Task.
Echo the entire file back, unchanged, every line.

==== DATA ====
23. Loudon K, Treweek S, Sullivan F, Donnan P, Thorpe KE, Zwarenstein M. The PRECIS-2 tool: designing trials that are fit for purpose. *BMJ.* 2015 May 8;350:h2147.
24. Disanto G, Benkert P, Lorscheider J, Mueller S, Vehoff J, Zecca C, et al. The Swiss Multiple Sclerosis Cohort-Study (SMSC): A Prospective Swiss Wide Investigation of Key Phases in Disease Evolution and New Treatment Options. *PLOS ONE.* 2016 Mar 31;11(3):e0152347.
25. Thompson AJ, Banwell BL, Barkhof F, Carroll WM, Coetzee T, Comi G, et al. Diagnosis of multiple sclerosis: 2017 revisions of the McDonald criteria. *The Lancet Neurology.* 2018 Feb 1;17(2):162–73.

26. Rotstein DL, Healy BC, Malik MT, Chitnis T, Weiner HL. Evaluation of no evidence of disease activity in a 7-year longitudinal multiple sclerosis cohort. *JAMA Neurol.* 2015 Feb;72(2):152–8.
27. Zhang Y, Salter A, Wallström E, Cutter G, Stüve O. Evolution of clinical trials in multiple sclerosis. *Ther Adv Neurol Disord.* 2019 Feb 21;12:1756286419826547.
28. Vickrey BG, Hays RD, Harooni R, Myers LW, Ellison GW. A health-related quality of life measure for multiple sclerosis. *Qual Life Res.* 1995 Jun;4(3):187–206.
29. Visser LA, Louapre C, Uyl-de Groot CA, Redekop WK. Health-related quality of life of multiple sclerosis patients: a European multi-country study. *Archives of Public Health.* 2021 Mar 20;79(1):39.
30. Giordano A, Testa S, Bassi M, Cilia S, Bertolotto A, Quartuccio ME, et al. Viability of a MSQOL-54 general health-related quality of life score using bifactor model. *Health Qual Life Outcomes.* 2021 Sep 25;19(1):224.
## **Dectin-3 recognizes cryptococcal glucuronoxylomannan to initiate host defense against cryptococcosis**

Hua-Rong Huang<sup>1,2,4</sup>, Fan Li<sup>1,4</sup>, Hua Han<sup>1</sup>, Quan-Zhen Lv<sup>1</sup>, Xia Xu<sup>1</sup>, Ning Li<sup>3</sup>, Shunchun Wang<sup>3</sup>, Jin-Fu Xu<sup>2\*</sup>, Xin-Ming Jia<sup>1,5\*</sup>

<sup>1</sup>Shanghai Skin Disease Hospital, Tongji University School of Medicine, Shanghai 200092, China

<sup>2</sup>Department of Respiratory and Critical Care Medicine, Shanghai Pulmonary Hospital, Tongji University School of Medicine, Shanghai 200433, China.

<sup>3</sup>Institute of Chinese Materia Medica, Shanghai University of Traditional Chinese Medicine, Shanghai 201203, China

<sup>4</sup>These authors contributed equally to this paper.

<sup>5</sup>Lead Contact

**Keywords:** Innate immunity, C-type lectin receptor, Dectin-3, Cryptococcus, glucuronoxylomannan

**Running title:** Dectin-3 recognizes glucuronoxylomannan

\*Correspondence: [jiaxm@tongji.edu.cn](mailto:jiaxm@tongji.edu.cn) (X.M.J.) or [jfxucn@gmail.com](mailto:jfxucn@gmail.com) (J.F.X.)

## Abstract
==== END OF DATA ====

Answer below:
23. Loudon K, Treweek S, Sullivan F, Donnan P, Thorpe KE, Zwarenstein M. The PRECIS-2 tool: designing trials that are fit for purpose. *BMJ.* 2015 May 8;350:h2147.
24. Disanto G, Benkert P, Lorscheider J, Mueller S, Vehoff J, Zecca C, et al. The Swiss Multiple Sclerosis Cohort-Study (SMSC): A Prospective Swiss Wide Investigation of Key Phases in Disease Evolution and New Treatment Options. *PLOS ONE.* 2016 Mar 31;11(3):e0152347.
25. Thompson AJ, Banwell BL, Barkhof F, Carroll WM, Coetzee T, Comi G, et al. Diagnosis of multiple sclerosis: 2017 revisions of the McDonald criteria. *The Lancet Neurology.* 2018 Feb 1;17(2):162–73.

26. Rotstein DL, Healy BC, Malik MT, Chitnis T, Weiner HL. Evaluation of no evidence of disease activity in a 7-year longitudinal multiple sclerosis cohort. *JAMA Neurol.* 2015 Feb;72(2):152–8.
27. Zhang Y, Salter A, Wallström E, Cutter G, Stüve O. Evolution of clinical trials in multiple sclerosis. *Ther Adv Neurol Disord.* 2019 Feb 21;12:1756286419826547.
28. Vickrey BG, Hays RD, Harooni R, Myers LW, Ellison GW. A health-related quality of life measure for multiple sclerosis. *Qual Life Res.* 1995 Jun;4(3):187–206.
29. Visser LA, Louapre C, Uyl-de Groot CA, Redekop WK. Health-related quality of life of multiple sclerosis patients: a European multi-country study. *Archives of Public Health.* 2021 Mar 20;79(1):39.
30. Giordano A, Testa S, Bassi M, Cilia S, Bertolotto A, Quartuccio ME, et al. Viability of a MSQOL-54 general health-related quality of life score using bifactor model. *Health Qual Life Outcomes.* 2021 Sep 25;19(1):224.
## **Dectin-3 recognizes cryptococcal glucuronoxylomannan to initiate host defense against cryptococcosis**

Hua-Rong Huang<sup>1,2,4</sup>, Fan Li<sup>1,4</sup>, Hua Han<sup>1</sup>, Quan-Zhen Lv<sup>1</sup>, Xia Xu<sup>1</sup>, Ning Li<sup>3</sup>, Shunchun Wang<sup>3</sup>, Jin-Fu Xu<sup>2\*</sup>, Xin-Ming Jia<sup>1,5\*</sup>

<sup>1</sup>Shanghai Skin Disease Hospital, Tongji University School of Medicine, Shanghai 200092, China

<sup>2</sup>Department of Respiratory and Critical Care Medicine, Shanghai Pulmonary Hospital, Tongji University School of Medicine, Shanghai 200433, China.

<sup>3</sup>Institute of Chinese Materia Medica, Shanghai University of Traditional Chinese Medicine, Shanghai 201203, China

<sup>4</sup>These authors contributed equally to this paper.

<sup>5</sup>Lead Contact

**Keywords:** Innate immunity, C-type lectin receptor, Dectin-3, Cryptococcus, glucuronoxylomannan

**Running title:** Dectin-3 recognizes glucuronoxylomannan

\*Correspondence: [jiaxm@tongji.edu.cn](mailto:jiaxm@tongji.edu.cn) (X.M.J.) or [jfxucn@gmail.com](mailto:jfxucn@gmail.com) (J.F.X.)

## Abstract